Research HighlightsMonitoring and Managing Stink Bugs in Texas
By Laura Temple
Stink bugs cause significant damage as a major soybean pest in the mid-Gulf Coast region of Texas, one of the state’s primary soybean-production areas. The pests also attack cotton, grain sorghum and corn, but soybeans filling pods actually will draw stink bugs out of cotton fields, according to Stephen Biles, an integrated pest management (IPM) Extension agent for Calhoun, Victoria and Refugio Counties in Texas.
“Soybeans attract stink bugs, but I would rather eat soybeans, than cotton, too.” Biles explains, “Soybean acres in this region have been reduced in part because of stink bugs. They are difficult to control, and they can cause 30 to 40 percent damage, which can cost up to $2 per bushel in quality dockages when selling them.”
To help soybean farmers fight this pest, the Texas Soybean Board supports Biles as he monitors soybean fields for stink bugs and shares pest pressure information. The species complex in the region includes green, southern green, brown and red-banded stink bugs.
“Options for stink bug control are limited to pyrethroids and acephate,” he says. “Red-banded stink bugs have developed resistance to pyrethroids, and acephate doesn’t always work well, either, creating even bigger challenges.”
When opportunities arise to work with a grower to conduct an insecticide field trial to compare efficacy of stink bug control, Biles takes advantage of them. However, because most farmers are very proactive with stink bug control, it isn’t possible for him to do a trial each year. In 2020, he focused on surveying fields, scouting with sweep nets and informing farmers when populations reached economic threshold levels.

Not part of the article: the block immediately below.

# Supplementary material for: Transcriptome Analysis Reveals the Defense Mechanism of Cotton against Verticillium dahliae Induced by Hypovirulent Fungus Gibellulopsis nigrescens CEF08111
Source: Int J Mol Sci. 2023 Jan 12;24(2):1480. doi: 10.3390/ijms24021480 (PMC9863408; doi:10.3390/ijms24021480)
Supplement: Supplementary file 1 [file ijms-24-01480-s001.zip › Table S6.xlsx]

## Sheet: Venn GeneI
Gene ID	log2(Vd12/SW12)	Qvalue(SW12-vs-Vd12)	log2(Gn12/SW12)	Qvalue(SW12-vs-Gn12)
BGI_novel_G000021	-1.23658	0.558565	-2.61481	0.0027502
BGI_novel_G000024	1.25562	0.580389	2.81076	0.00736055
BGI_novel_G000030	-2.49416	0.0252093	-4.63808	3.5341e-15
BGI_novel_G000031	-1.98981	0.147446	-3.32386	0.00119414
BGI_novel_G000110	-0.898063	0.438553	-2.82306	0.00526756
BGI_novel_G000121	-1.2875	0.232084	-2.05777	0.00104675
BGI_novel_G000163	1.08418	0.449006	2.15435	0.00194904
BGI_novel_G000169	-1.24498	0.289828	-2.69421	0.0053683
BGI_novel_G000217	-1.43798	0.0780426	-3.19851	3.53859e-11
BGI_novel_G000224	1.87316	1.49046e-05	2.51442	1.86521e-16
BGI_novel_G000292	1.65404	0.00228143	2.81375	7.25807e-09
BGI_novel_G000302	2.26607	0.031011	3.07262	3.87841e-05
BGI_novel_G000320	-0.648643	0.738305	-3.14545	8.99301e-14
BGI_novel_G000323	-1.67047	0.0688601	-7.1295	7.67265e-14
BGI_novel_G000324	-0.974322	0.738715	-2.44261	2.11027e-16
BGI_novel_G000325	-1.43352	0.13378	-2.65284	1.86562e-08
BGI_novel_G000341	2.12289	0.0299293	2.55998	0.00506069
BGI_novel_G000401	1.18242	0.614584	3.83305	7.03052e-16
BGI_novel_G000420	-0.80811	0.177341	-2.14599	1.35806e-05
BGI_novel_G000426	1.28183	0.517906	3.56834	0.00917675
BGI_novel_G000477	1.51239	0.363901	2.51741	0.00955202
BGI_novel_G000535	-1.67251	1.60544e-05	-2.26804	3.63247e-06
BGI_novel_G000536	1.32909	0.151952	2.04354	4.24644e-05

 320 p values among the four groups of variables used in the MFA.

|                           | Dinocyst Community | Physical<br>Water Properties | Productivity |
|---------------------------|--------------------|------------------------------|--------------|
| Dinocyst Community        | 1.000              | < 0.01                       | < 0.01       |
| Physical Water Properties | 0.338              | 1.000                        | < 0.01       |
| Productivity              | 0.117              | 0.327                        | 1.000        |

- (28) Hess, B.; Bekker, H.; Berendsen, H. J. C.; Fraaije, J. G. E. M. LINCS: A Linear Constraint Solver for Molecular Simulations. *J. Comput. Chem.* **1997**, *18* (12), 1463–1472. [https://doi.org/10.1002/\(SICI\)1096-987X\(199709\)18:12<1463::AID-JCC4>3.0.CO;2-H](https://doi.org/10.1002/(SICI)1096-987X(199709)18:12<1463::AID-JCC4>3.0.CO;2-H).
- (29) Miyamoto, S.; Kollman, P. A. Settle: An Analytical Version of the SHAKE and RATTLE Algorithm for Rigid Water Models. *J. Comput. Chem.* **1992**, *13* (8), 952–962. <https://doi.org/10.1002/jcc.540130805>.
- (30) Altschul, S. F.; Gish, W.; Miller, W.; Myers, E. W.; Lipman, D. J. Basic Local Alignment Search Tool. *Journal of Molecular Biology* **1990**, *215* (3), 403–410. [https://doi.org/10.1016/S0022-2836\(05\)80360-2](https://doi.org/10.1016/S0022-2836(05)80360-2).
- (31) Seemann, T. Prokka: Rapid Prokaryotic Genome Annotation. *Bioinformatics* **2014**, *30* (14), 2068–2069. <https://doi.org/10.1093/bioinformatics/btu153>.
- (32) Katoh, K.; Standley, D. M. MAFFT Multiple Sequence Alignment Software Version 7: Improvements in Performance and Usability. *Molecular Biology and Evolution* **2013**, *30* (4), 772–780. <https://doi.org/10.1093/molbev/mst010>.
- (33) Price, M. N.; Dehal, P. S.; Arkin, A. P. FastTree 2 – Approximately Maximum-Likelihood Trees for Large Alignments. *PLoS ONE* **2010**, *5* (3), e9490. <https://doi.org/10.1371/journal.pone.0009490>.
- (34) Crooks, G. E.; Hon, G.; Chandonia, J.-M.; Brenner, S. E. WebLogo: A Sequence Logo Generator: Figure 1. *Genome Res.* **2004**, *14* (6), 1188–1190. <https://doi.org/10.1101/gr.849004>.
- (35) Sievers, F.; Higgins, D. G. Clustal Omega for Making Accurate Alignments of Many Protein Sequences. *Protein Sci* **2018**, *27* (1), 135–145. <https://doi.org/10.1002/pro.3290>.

“The base economic threshold for stink bugs in soybeans is 36 stink bugs per 100 sweeps,” he explains. “However, the economic thresholds for stink bugs vary by the predominant species being found. For red-banded stink bugs, the economic threshold is just 12 per 100 sweeps.”
Effective insect control is key to reducing damage and managing profitability in Texas soybeans. Regular updates on the current stink bug complex, insect life stage and population density during the season help regional soybean farmers make sound treatment decisions.
“For example, I anticipated heavy stink bug pressure in 2020 because of a mild winter, but populations ended up being relatively low,” Biles says. “So many factors impact insect populations that it is hard to predict pressure. A few really dry days or really wet days at key points in insect life cycle can significantly impact population density. That’s why we monitor fields every season.”
In addition to stink bugs, Biles scouts soybean fields for caterpillar pests, but they are typically not an issue in Mid-Coast Texas soybeans.
“The Texas Soybean Board’s purpose is to use checkoff funds for production research to improve the soybean industry in Texas,” says Texas Soybean Board Chairman Daniel Berglund, a farmer from Wharton, Texas. “Our research efforts are focused on improving soybean production yields and quality.”
To find research related to this Research Highlight, please visit the National Soybean Checkoff Research Database.